Why is everyone a "Pastor" at protestant churches now?

I recently had to write a letter of recommendation for a young lady (a former student) who was applying for a internship with her baptist church. I had to address the letter to the “Youth Pastor.” Evidently the Youth Pastor is what we Catholics would call the Director of Religious Education or the CCD Director.

I’ve noticed that protestant churches have begun calling everyone and anyone holding any supervisory position as a pastor…youth pastor, community outreach pastor, financial pastor, music pastor, etc, with the guy in charge either being the senior pastor. Why?

At least with us Catholics, the title pastor means that the occupant (i.e. the assigned priest) is the man who is entrusted with the care of souls in a parish. The symbolism is taken from Our Blessed Lord calling himself the Good Shepherd. The Good Pastor has entrusted the pope and bishops with care of His flock on Earth. The Bishop, the pastor of the diocese, entrusts his priests with care of his flock in a given parish. Hence, the title given a priest who is in charge of the care of souls in a parish is a pastor. The choir director is not entrusted with the care of souls and neither is the sacristan or the DRE, the bookkeeper or the guy who runs vacation bible school.

Not the case amongst Lutherans. Pastors are the special ordained ministry, and like you stated regarding the CC, are entrusted with the spiritual care of his flock. Our director of music is just that. Elders are not pastors, either, but are lay members designated to assist the pastor in his call. In the LCMS, our district (diocese) bishop is referred to as district president (why not bishop, I have no idea).


Ummmm…maybe you’re dealing with a different brand of protestantism than you’re used to. Everyone that I knew running protestant churches was called “pastor” and that was back in the late 90’s.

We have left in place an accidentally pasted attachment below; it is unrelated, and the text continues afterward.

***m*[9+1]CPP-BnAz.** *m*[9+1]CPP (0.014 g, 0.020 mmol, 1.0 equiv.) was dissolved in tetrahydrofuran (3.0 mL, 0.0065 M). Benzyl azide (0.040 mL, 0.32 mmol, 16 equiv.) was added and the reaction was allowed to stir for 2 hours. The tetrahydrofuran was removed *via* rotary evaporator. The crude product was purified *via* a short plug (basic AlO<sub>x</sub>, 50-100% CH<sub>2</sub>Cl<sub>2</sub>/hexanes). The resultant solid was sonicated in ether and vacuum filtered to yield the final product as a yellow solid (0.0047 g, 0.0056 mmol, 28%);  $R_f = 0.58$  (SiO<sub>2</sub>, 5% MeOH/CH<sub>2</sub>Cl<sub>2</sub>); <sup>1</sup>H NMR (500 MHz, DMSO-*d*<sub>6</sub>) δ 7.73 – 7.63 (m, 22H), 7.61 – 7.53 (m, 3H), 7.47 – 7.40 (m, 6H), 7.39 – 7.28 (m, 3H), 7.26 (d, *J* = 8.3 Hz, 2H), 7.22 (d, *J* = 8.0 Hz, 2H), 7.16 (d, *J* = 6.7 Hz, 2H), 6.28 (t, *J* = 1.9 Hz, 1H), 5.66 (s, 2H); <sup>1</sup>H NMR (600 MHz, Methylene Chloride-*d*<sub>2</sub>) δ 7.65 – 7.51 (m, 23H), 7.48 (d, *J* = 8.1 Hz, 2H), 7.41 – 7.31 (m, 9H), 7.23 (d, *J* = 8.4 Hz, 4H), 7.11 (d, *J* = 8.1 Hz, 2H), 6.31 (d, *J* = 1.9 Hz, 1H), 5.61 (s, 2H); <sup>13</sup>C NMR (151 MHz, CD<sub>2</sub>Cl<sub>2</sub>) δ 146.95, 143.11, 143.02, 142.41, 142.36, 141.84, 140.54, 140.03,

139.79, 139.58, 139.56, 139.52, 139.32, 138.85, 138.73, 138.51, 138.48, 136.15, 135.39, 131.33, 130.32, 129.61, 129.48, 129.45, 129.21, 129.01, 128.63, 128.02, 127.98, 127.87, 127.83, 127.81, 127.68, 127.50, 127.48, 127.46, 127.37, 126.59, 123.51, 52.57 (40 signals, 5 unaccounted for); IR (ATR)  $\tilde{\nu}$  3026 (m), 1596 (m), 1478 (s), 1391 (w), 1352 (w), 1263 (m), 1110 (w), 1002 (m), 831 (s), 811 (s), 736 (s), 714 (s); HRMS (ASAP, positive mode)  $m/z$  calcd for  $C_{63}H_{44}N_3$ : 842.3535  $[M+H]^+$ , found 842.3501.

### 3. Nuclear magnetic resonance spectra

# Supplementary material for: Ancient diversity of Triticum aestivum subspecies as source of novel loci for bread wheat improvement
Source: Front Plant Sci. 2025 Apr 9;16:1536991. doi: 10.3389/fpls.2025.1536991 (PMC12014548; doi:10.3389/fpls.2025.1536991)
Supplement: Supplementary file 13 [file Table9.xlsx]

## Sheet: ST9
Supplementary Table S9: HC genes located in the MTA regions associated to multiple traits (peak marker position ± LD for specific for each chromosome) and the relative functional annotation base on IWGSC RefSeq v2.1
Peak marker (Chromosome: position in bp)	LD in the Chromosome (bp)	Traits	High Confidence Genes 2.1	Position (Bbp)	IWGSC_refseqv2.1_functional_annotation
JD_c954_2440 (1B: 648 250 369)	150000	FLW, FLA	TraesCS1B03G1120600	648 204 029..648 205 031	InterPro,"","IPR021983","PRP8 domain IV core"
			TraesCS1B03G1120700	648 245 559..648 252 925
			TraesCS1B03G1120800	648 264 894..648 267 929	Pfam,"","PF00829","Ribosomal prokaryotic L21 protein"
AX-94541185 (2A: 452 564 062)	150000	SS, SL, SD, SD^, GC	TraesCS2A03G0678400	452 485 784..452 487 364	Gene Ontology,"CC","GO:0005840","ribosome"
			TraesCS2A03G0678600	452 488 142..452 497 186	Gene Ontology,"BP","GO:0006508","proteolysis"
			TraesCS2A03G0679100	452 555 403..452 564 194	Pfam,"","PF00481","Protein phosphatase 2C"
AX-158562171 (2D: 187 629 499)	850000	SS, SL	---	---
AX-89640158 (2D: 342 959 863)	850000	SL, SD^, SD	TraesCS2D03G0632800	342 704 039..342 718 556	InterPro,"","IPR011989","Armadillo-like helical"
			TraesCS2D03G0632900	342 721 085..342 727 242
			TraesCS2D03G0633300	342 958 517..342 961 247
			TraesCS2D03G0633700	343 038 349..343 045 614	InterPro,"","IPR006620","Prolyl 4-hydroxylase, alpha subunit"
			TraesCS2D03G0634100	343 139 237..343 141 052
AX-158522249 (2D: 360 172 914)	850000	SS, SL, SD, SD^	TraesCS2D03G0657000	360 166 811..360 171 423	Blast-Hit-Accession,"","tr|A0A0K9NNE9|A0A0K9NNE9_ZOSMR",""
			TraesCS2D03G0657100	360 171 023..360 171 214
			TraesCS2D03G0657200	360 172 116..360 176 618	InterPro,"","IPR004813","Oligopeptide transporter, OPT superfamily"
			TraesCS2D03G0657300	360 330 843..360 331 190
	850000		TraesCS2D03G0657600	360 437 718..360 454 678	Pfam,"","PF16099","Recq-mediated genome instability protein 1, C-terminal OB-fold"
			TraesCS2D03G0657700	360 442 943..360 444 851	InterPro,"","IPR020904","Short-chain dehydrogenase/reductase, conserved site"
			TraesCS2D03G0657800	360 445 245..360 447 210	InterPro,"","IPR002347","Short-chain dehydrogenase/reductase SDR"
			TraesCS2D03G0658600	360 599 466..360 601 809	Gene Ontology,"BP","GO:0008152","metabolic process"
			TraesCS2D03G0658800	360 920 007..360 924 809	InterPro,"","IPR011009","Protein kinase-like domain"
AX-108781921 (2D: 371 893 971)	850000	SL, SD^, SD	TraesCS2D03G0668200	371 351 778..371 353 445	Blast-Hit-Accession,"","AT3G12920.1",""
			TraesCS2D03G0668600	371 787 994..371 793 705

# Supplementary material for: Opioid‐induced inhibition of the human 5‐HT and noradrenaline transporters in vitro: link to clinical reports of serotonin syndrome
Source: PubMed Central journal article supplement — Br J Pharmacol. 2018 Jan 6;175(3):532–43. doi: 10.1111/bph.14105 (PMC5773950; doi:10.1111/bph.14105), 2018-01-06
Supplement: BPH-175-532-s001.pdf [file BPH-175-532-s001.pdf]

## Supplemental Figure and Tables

If your not trying to become a priest, becoming insta-ordained online is easier than opening a Bible.

Church of Christ doesn’t use titles. We designate a minister, the person who preaches on Sunday and ministers to the congregation, but it is not a title like “Reverend” of “Pastor.” Many times titles are given for administrative clarity, “If you’re interested in playing music or singing on Sundays see the Worship Pastor.” Don’t worry though, we aren’t in a race to see which denomination can have to most titled people.

hi guy
the youth pastor say at our neighborhood Baptist Church has duties beyond that of DRE, which is running faith formation programs for children and youth. He is more analagous to the position of Youth Minister. That is because while the DRE is primarily administrative, the YM or YP is primarily pastoral and ministerial. They have training and mandate, which DREs usually lack, to truly minister to the needs of youth for counselling, life preparation and skills beyond doctrinal formation, problem solving and so forth.

I think you would find that, with most communions that ordain, the process is not unlike that of priests. Attending a Lutheran seminary is no walk in the park. Lutheran pastors are very well educated in language, history of the Church, doctrine (not just ours), the ECF’s and early councils, homiletics, etc.


I should have specified that in lots of denominations it’s not a matter of filling out an online form and clicking a button when you’re done. Sorry for not doing so.
When you have a church overflowing with pastors though, as described in the OP, the problem could very well be what I described though.

I came across a church about a month ago where everyone was called pastor, and when I say everyone, I actually mean everyone - every single adult member was a pastor. I even looked it up on their website. There were several dozen pastors listed.

I think if this becomes more popular, its going to backfire by cheapening the word so much that it becomes completely useless.

While I haven’t seen or experienced it, my initial reaction is its taking the Priesthood of all believers to an illogical conclusion.


My former fundamentalist church has a senior pastor, a youth pastor, a praise and worship pastor, and I don’t know how many others. Though it sounds it, the title is not given to lay people. All the forms of pastors are ordained and are full-time employees of that church.

The one that gets me is the number of churches headed by someone calling himself a bishop. They are all over in my area. It seems to be the latest fashion.

My question is are they actually ordained ministers who have attended accredited seminaries and gotten their degree?

I doubt it. A friends son-in-law is considered a “pastor” to people who have addiction issues and he only attended some bible institute for a year.

Yours in the Hearts of Jesus and Mary


Oh dear. Another sweepping statement about Protestants.

“We Anglicans” don’t use the word pastor.